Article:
Dr. Val Farmer
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Attachment Bonds Make Loss Of Farm Painful

June 3, 2005

During the farm crisis of the mid-1980s and late 90s, I was often asked why farming was different than any profession. Why would farmers have any harder time adjusting to the loss of their occupation than any other person who lost their job or a business?

Attrition from farming goes on. This spring I’ve personally met or read e-mails from farmers who are facing significant financial pressure and have made the choice not to farm anymore. I have also encountered other family-owned businesses who have come to a crossroad. They need to stem the tide of losses and to preserve equity, stop the stress and re-prioritize choices about marriage and family life.

Farming involves huge capital investments, variable markets, uncertain weather conditions, and precious little margin of error. There is a significant percentage of farmers (10 to 20 percent) who farm close to the edge of solvency, are going backwards, and can’t stop the cycle of erosion of equity. In any given year, roughly five percent or less face the prospect of making an immediate decision to leave farming or risk going into bankruptcy and foreclosure.

It is real and the emotions are still the same whether it is 1985 or 1992 or 2005. In a way it may be worse now than during the farm crisis years. It's not supposed to be happening now.

There is no media hoopla, no support groups, no public sentiment or moral indignation, and no sense among farmers how many of their compatriots share their dilemma. They bear their pain alone.

Why farmers develop such an emotional bond with their profession.

- Relationships. The emotional ties to friends, relatives, neighbors, and community are important in the lives of farm families. This sense of belonging in small, caring community is a powerful bond and an incentive to stay put.

- Identity. The composite skills that go into farming form a basic part of a man's identity. A threat to his status as a farmer or rancher may be perceived as a threat to who he is. The more single-minded or focused a person has been on farming as his exclusive activity, the more vulnerable he is. Some farmers haven't experimented much with anything else in life nor do they believe anything else can be as rewarding. They may underestimate their abilities to be valuable in another part of the economy and don't know what else in life might be enjoyable.

- Responsibility. Farming involves the care and nurture of living things. Crops and animals have needs. Their growth and well-being depends on the farmer being vigilant and dependable in their care. Under these conditions, an attachment bond or love takes place. Farmers have dirt in their veins and cows on their brains.

- Family heritage. Socialization to agriculture takes place at young ages with positive parent/child involvement and teaching of skills. Decisions are made early to farm and to take on the family heritage of farming someday. The farm is seen as a link or a bond between generations. The failure to keep the family farm is perceived as a failure of trust and a violation of a sacred obligation, both to the past generations and to the children for whom the opportunity to farm "must" be kept alive.

- Self-worth. One's status in the community depends on his managerial competence, reputation as a hard worker and farm ownership. To have financial problems become public or to lose a farm represents a major lowering of statues in his own eyes and community judgment. There are feelings of shame, guilt and failure. One's status as a farmer is a major portion of self-esteem.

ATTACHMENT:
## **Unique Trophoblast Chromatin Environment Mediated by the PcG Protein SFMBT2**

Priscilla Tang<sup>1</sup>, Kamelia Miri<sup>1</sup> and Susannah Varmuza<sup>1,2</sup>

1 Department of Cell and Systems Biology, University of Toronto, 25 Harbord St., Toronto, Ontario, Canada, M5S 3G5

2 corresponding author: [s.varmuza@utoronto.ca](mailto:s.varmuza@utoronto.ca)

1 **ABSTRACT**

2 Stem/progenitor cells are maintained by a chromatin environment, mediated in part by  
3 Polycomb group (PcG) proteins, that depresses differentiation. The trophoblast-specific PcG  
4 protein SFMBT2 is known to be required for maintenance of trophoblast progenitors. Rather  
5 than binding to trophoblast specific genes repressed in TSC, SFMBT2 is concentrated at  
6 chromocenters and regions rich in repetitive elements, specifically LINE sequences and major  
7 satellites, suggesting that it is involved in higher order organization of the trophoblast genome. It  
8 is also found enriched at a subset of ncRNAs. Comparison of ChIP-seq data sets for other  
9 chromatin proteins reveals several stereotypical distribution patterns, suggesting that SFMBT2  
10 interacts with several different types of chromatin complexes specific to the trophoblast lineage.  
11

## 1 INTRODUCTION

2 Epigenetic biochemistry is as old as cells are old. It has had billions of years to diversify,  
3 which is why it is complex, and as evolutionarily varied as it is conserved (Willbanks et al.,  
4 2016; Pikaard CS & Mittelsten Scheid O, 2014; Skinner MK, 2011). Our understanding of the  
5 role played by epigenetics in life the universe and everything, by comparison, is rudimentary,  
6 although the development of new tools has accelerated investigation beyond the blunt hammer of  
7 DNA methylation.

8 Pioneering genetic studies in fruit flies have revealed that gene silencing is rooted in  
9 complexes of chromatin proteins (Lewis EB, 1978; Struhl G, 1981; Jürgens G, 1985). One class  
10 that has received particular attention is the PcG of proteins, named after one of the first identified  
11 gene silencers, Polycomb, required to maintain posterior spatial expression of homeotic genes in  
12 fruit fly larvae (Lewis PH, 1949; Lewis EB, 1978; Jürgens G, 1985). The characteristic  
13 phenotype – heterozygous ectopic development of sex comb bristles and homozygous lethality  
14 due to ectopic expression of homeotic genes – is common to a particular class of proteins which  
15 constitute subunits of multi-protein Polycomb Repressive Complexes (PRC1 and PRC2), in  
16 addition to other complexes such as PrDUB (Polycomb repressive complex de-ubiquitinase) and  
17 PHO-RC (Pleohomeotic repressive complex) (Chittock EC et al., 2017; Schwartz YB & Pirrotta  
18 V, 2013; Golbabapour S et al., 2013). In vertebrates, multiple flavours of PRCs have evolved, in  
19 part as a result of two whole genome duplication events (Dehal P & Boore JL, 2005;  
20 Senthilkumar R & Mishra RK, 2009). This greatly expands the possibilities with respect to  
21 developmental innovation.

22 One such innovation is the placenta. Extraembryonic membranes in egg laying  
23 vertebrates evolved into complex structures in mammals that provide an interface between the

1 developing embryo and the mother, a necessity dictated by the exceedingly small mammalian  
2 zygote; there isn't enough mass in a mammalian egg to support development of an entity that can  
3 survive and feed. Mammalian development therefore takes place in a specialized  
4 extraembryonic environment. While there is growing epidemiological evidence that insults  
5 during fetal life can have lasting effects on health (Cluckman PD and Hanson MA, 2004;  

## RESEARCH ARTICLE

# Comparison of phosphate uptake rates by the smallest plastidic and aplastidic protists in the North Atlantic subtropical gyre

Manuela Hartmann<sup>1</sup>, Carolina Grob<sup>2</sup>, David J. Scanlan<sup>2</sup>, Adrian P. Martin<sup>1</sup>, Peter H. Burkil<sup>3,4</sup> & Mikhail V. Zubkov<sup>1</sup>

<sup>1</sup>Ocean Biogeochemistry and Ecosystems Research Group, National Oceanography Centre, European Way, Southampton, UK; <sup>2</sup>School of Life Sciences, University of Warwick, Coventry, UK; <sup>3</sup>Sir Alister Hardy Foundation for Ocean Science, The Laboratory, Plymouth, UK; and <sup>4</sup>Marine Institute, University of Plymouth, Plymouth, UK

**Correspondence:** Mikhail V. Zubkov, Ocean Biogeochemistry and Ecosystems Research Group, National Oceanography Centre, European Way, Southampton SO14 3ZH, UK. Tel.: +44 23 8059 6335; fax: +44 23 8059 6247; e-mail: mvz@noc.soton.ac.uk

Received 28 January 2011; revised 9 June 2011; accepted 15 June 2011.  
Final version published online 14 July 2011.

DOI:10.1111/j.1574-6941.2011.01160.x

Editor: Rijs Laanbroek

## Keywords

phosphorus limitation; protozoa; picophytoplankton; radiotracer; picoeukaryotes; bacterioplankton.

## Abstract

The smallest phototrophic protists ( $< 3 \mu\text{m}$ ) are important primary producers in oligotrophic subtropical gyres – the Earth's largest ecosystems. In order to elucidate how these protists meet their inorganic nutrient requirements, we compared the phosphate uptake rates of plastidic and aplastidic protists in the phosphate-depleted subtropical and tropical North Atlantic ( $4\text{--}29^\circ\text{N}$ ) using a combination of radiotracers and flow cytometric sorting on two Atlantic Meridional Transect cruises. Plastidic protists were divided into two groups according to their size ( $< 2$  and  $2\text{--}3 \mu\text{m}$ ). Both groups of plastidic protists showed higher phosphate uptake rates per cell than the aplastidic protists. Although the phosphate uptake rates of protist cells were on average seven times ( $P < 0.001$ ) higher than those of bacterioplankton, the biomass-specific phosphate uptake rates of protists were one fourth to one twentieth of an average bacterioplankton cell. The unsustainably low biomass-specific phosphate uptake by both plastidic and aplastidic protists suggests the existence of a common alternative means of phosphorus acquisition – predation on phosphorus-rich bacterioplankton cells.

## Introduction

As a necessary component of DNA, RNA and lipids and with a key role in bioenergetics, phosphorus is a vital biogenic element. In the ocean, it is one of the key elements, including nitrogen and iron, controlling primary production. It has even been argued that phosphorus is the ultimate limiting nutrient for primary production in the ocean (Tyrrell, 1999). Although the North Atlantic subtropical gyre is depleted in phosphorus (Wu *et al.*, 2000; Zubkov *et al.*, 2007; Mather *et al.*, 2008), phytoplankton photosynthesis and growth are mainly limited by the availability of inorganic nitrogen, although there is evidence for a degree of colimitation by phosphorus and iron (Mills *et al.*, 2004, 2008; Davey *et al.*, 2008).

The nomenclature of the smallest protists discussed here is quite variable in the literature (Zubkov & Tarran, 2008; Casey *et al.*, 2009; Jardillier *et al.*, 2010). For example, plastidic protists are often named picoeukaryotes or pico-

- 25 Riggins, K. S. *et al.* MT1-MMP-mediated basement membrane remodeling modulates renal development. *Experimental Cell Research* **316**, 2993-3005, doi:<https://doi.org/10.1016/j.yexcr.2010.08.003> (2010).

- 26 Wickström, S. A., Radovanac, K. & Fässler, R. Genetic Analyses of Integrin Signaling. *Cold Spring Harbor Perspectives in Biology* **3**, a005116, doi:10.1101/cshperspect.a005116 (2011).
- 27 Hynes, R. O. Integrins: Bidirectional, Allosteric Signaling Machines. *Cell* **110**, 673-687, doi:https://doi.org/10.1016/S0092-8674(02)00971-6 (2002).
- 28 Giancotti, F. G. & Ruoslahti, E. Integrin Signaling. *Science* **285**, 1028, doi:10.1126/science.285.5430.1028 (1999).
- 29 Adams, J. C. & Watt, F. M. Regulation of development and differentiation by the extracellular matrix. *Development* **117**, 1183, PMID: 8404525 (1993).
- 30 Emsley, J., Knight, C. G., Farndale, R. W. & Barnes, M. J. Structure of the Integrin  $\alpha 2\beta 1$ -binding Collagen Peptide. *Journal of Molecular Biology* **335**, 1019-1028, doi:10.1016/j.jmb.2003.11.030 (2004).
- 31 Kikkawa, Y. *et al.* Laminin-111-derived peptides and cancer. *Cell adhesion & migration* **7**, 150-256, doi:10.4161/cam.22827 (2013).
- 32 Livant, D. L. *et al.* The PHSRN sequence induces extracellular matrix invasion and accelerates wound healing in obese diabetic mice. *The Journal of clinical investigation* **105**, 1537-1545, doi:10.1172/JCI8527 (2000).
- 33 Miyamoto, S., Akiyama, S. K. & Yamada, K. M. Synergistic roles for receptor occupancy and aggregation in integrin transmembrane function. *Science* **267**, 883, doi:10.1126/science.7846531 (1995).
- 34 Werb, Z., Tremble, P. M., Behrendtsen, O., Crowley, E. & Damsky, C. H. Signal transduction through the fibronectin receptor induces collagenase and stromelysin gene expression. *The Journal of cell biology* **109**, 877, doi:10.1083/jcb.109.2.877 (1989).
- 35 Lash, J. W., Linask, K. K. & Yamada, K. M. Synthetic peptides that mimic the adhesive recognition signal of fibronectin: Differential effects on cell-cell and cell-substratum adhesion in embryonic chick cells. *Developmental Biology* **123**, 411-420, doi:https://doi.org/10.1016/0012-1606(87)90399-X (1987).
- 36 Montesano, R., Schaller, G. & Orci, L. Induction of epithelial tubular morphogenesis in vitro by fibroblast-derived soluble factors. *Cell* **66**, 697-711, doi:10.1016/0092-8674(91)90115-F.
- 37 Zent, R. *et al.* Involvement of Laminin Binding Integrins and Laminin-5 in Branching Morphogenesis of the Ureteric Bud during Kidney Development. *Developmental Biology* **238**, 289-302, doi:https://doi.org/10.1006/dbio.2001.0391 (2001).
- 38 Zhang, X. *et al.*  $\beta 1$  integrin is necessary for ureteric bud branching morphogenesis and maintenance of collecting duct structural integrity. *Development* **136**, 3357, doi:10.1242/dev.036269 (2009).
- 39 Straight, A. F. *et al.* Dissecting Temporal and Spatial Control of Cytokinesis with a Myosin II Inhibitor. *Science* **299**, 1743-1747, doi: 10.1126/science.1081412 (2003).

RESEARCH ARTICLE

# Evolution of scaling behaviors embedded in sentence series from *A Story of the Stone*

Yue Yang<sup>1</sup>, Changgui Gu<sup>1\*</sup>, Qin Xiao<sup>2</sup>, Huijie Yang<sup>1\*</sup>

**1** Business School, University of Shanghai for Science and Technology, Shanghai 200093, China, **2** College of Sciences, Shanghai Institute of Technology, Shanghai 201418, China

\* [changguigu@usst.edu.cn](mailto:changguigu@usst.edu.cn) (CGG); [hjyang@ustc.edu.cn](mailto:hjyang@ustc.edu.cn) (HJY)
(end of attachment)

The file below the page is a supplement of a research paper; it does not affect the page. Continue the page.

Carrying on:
- Independence. Farming is an independent business activity. The loss or threat of loss of independence - of working for oneself, being able to set one's schedule and goals, having a variety of daily experiences, and seeing a direct connection between one’s labors and rewards - is a significant fear.

- Lifestyle. Farmers enjoy the lifestyle of the farm, animals, closeness to nature, privacy, togetherness with their spouse, and the benefits of raising children in this environment. This is another strong emotional appeal of staying on a farm. To be cooped up by neighbors, concrete, and the congestion of the city violates the sense of space that farmers have come to need.

What happens when emotions and economic realities collide?

Farmers are raised with the ethic of solving their own problems. When they become overwhelmed by stress factors beyond their control, they don't feel an inner permission to seek help or express one's confusion or pain.

They are afraid to talk about what they are going through with others. This self-imposed isolation deprives them of needed sources of caring and ideas to help them grasp their problem. Being seen in an emotional state and not in control is a threat to mental well-being.

They try to manage by working harder and longer, by taking extra work, by using the spouse's off-farm income, and by cutting corners. This equates to a special burden of anxiety and depression as they progressively lose ground in their struggle.

Marital problems often ensue as each partner fashions their own solution. They also may not be meeting each other's needs as well because of their preoccupied emotional state.

Losing a farm or a ranch is a painful and catastrophic loss experience. Farm couples need to reach out and get the help they need to absorb a loss of this magnitude and to move on to what for them will be a better life.